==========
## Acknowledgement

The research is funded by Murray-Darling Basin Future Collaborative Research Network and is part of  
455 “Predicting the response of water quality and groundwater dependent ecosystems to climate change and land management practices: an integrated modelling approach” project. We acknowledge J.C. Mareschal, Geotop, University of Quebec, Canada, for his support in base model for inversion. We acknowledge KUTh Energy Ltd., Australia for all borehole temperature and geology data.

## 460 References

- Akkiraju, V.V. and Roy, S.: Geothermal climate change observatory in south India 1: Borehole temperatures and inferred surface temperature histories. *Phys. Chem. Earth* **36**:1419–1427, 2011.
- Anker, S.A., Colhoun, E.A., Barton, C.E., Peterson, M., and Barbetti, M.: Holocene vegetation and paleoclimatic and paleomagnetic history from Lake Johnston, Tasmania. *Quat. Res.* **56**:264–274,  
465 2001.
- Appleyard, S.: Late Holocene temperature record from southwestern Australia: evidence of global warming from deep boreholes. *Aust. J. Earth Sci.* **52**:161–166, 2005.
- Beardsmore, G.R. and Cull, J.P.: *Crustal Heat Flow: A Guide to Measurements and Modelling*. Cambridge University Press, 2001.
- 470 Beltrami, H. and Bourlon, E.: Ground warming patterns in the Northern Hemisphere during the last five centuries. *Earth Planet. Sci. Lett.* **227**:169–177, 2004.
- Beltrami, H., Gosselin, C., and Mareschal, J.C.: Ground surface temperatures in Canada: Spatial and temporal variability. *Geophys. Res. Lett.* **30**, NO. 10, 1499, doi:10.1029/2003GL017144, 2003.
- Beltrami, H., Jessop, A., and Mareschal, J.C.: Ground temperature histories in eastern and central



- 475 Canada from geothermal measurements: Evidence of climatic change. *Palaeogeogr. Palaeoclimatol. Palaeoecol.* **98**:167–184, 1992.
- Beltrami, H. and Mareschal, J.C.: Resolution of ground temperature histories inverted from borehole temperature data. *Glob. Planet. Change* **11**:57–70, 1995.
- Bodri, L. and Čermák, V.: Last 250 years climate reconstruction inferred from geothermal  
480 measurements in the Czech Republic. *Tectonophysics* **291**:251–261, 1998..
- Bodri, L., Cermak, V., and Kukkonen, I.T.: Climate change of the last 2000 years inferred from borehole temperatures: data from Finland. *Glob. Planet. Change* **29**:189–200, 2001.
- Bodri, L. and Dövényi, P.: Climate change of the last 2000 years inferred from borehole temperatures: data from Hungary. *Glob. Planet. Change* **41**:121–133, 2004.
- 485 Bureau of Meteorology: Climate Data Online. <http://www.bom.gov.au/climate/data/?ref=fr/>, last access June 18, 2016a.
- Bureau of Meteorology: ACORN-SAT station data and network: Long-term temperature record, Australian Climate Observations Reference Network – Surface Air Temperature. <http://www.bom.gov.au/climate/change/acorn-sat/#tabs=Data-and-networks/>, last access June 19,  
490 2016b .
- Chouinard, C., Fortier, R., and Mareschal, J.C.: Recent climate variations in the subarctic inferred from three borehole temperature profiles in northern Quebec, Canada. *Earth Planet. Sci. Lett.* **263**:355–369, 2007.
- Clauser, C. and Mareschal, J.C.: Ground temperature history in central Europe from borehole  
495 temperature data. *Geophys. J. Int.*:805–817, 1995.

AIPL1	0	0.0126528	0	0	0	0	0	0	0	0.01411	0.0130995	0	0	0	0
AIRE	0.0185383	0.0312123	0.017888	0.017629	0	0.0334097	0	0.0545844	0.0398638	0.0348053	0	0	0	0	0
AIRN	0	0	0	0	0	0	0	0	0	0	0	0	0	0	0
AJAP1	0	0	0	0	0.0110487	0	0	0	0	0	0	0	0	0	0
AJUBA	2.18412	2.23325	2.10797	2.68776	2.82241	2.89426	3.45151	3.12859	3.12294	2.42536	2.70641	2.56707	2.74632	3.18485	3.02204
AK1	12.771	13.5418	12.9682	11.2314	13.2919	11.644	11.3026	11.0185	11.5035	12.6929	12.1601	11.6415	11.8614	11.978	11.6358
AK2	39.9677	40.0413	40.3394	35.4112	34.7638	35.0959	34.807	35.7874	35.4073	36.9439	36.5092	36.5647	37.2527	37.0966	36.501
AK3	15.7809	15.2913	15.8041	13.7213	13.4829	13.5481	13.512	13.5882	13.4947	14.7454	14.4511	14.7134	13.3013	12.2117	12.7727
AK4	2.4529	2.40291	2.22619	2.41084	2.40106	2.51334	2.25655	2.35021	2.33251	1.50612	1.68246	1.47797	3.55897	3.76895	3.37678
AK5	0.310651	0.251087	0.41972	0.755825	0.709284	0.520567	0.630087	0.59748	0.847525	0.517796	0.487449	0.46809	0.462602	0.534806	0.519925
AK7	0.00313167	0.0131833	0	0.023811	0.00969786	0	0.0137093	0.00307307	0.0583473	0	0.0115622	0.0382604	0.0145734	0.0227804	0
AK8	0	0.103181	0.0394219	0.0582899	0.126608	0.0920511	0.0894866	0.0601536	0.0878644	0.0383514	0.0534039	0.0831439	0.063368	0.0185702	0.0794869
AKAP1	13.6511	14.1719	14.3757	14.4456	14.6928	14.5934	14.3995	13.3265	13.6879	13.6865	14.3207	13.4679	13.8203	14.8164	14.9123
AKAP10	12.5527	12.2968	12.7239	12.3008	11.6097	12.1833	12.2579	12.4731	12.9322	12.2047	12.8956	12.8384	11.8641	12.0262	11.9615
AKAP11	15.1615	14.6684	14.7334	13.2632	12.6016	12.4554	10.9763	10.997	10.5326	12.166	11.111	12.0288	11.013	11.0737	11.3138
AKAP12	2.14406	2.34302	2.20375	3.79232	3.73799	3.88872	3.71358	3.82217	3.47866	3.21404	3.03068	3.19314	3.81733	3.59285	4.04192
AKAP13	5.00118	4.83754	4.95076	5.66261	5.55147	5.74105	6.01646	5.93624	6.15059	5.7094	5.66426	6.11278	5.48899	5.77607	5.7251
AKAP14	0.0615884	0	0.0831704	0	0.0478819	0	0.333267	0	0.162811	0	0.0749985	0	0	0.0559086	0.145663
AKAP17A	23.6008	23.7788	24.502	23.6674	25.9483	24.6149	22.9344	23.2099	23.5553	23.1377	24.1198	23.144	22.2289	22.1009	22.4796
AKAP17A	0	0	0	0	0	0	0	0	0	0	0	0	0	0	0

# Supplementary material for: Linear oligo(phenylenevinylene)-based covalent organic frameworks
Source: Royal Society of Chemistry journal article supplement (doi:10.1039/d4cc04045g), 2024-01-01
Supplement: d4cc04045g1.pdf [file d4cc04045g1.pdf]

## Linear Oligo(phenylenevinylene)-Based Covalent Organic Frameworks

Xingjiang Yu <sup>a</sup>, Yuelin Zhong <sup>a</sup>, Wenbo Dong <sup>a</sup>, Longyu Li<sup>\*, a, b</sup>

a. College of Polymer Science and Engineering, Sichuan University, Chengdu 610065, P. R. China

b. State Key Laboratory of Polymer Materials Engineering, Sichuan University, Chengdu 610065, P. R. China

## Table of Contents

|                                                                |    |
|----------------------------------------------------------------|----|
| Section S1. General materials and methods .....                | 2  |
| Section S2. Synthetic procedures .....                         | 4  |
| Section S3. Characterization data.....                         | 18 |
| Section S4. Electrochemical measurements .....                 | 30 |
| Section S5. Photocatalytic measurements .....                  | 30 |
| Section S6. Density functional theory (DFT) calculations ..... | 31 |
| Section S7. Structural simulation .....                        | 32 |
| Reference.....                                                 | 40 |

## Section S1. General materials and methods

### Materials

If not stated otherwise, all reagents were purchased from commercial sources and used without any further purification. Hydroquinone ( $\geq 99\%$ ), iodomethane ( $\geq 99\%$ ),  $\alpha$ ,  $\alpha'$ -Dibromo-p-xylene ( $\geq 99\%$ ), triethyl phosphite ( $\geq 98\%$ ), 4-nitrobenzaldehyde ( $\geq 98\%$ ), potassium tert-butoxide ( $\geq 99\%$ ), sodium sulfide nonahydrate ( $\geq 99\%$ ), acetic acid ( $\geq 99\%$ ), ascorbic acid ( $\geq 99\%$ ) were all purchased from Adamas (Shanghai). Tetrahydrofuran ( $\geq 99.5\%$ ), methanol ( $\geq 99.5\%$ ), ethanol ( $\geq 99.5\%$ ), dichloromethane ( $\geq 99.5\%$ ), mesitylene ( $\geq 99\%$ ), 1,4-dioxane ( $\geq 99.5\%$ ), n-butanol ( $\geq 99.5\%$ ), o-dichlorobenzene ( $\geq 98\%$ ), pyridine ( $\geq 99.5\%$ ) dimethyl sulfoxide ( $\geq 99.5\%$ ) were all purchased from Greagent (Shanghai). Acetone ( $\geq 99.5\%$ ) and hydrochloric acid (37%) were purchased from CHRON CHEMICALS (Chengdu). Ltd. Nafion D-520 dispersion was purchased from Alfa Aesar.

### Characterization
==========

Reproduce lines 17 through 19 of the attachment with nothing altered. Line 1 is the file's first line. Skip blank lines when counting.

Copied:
- Bodri, L., Cermak, V., and Kukkonen, I.T.: Climate change of the last 2000 years inferred from borehole temperatures: data from Finland. *Glob. Planet. Change* **29**:189–200, 2001.
- Bodri, L. and Dövényi, P.: Climate change of the last 2000 years inferred from borehole temperatures: data from Hungary. *Glob. Planet. Change* **41**:121–133, 2004.
- 485 Bureau of Meteorology: Climate Data Online. <http://www.bom.gov.au/climate/data/?ref=fr/>, last access June 18, 2016a.